Problems in understanding speech may be noticed before the hearing loss is apparent, and tinnitus (ringing in the ears) may be present. Depending upon the size and location of the neuroma, the facial nerve and the vestibular system may also be affected, leading to paralysis of part of the face and balance problems. The hearing loss is progressive, and may produce complete deafness. Surgery to remove the tumors can be difficult, and some may not be totally removable. Early diagnosis is important, since smaller tumors may be easier to remove and hearing may be preserved. Also, if the diagnosis is made, examination can be done to be sure that there are not other tumors in other parts of the body.
 
The gene for NFII has been found to be on chromosome 22. Mutation in a tumor suppressor gene on chromosome 22 has been linked to NFII. It is now possible to identify within affected families those who are carriers and those who are not carriers of the gene. In those who carry the NFII mutation, the tumors are caused by the loss of the normal gene on the other chromosome in the affected tissue. Hopefully, this discovery will lead us to a means of preventing tumor growth for those who are carriers.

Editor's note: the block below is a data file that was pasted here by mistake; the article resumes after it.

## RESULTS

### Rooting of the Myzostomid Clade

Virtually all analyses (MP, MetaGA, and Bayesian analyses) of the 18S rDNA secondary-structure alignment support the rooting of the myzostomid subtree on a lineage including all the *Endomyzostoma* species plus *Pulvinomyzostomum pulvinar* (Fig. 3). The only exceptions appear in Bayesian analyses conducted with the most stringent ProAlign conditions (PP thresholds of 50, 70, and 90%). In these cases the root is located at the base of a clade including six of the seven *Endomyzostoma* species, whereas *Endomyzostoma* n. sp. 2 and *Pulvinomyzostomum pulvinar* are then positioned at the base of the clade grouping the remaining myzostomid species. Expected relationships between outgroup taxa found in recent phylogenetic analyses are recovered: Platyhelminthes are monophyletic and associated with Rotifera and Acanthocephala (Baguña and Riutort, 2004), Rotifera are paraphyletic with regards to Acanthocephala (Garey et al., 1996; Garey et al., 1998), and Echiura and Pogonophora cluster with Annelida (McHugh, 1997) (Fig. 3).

Comparison of some of the features of NFI and NFII
Clinical features           NFI  NFII--------------------------------------cafe au lait spots          ++   -cutaneous neurofibromas     ++   +skeletal problems           +    -lisch nodules               +    -optic glioma                +    -axillary freckling          +    -subcapsular cataracts       -    +acoustic neuroma        unilateral          -    +        bilateral           -    ++--------------------------------------  + = present, ++ = very common, - = rare
                  

Selected References
 
1. Riccardi, V.M., Eichner, J.E. (1986). Neurofibromatosis: Phenotype, Natural History, and Pathogenesis. Baltimore: The Johns Hopkins Univ. Press.
 
2. Gorlin, R.J., Cohen, M.M., Levin, L.S. (1990). Syndromes of the Head and Neck: Third Edition. New York: Oxford University Press.
 
3. National Institutes of Health Consensus Development Conference (1988). Neurofibromatosis Conference Statement. Arch. Neurology 45: 575-578.
 
4. Kitamura K., Senba, T., Komatsuzaki, A. (1989). Bilateral internal auditory canal enlargement without acoustic nerve tumor in von Recklinghausen neurofibromatosis. Neurofibromatosis 2: 47-52.